California might have banned its production and it may also be outlawed in Israel, but foie gras is still pretty much revered in France.
Or so we thought.
A poll published on Tuesday, however, suggests that actually, foie gras is not universally scoffed down in every French household .
And it's not the fact that the gourmet goose liver is laden with calories that is turning the health-conscious French off it, but the highly controversial process by which it is made.
Foie gras is mostly made by force-feeding ducks and geese to fatten up their livers in a process known as "gavage", which those against it say is tantamount to torture.
This has given foie gras a bad name abroad, but its popularity in France has rarely been in doubt.
But according to a new poll, almost one third of French people (29 percent) now refuse to buy foie gras for “ethical reasons linked to animal suffering”.
The Opinion Way poll commissioned by the French animal rights association L214, also suggests the French are fairly evenly split on whether the production of foie gras through force-feeding should be banned, with 44 percent in favour and 55 percent against prohibition.
There is clearly, however, still a hard core of Gallic foie gras-lovers out there, with 22 percent of respondents saying they prefer foie gras that has been produced by force-feeding the animals.
France’s Rural Code states that foie gras must be made by force-feeding, but French producers – aware that public opinion, at least abroad, is hardening against the delicacy – have been looking at alternative methods of production.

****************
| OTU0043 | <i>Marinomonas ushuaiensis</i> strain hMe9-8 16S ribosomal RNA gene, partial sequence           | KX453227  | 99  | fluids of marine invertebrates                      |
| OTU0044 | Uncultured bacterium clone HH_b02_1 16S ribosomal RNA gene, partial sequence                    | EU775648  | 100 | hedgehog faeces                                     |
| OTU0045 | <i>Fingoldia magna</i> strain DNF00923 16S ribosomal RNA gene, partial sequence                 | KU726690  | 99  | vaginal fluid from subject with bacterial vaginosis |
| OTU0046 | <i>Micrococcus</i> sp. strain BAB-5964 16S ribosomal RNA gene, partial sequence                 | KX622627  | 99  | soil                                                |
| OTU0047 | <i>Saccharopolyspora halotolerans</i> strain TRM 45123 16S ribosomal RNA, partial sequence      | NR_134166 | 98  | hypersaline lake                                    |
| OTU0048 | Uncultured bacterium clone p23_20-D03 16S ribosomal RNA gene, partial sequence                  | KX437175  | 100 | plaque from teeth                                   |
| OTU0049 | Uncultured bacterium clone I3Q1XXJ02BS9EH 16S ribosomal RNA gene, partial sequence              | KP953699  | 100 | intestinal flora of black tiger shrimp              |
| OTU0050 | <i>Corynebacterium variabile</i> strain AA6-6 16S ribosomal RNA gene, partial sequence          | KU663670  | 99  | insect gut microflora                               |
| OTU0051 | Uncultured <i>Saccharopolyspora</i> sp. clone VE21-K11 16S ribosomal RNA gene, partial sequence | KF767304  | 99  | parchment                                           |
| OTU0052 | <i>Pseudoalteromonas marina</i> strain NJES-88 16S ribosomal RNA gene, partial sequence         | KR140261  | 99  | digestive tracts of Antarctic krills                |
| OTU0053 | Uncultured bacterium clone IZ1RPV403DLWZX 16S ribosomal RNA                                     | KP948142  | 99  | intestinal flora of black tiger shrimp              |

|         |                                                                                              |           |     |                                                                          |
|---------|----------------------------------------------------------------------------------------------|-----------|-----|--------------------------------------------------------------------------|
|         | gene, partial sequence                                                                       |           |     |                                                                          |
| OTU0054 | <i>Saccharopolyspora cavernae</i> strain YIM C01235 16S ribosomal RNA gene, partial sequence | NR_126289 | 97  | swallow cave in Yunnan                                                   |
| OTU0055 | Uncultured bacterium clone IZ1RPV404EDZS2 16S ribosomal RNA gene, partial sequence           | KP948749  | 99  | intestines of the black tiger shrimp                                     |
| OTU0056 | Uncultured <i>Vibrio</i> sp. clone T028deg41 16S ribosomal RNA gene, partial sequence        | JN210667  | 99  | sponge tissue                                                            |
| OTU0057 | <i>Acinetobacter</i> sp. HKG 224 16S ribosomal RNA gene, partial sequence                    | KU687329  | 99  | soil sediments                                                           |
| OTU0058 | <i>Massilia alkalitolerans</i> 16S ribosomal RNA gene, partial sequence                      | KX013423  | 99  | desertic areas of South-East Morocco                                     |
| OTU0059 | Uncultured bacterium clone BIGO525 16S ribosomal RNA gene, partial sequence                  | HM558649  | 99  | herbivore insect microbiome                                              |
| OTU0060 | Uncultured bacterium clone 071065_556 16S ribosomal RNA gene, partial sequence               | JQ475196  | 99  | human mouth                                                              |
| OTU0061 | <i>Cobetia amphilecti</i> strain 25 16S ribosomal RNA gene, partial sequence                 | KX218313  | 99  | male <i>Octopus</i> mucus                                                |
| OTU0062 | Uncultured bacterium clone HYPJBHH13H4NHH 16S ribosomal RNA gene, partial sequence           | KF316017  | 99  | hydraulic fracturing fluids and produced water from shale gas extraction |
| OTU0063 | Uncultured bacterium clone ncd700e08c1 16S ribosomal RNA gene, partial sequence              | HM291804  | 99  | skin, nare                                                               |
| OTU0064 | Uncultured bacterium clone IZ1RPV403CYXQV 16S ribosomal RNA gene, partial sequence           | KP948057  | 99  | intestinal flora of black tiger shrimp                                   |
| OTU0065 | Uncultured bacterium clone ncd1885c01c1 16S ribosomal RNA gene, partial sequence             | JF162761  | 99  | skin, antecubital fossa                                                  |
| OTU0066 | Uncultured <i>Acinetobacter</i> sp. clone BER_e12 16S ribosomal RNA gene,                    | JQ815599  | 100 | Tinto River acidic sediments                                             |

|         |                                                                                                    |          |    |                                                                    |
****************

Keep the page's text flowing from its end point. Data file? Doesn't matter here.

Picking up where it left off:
In November, French celebrity chef Joël Robuchon ditched his foie gras supplier after animal rights activists raised questions about its practices.
And in October, animal rights organizations heralded a victory when online retailer Amazon banned the sale of foie gras on its UK website.
Campaign group Viva! said the move followed pressure by the organization, which earlier this year presented the US-based online retailer with "evidence of the abject suffering" caused by foie gras production.
A petition against the sale of the delicacy was also signed by more than 10,000 Amazon customers and Viva! supporters.
The decision was, however, slammed by the French government.
"I regret Amazon's decision," Guillaume Garot, France's minister for agribusiness, told AFP.
"I once again want to point out the efforts made by French producers over the years to maintain real product quality while respecting the animal's well-being," he said.
Garot said he was nevertheless "very confident" about the future of the foie gras industry, which employs nearly 100,000 people directly and indirectly in France.
"I defend this sector because of jobs but also because of a certain idea of gastronomic heritage," Garot added.
However, if more and more French people find foie gras hard to swallow, this "gastronomic heritage" may one day prove to be a thing of past.
What do you think? Will the French ever fall out of love with foie gras?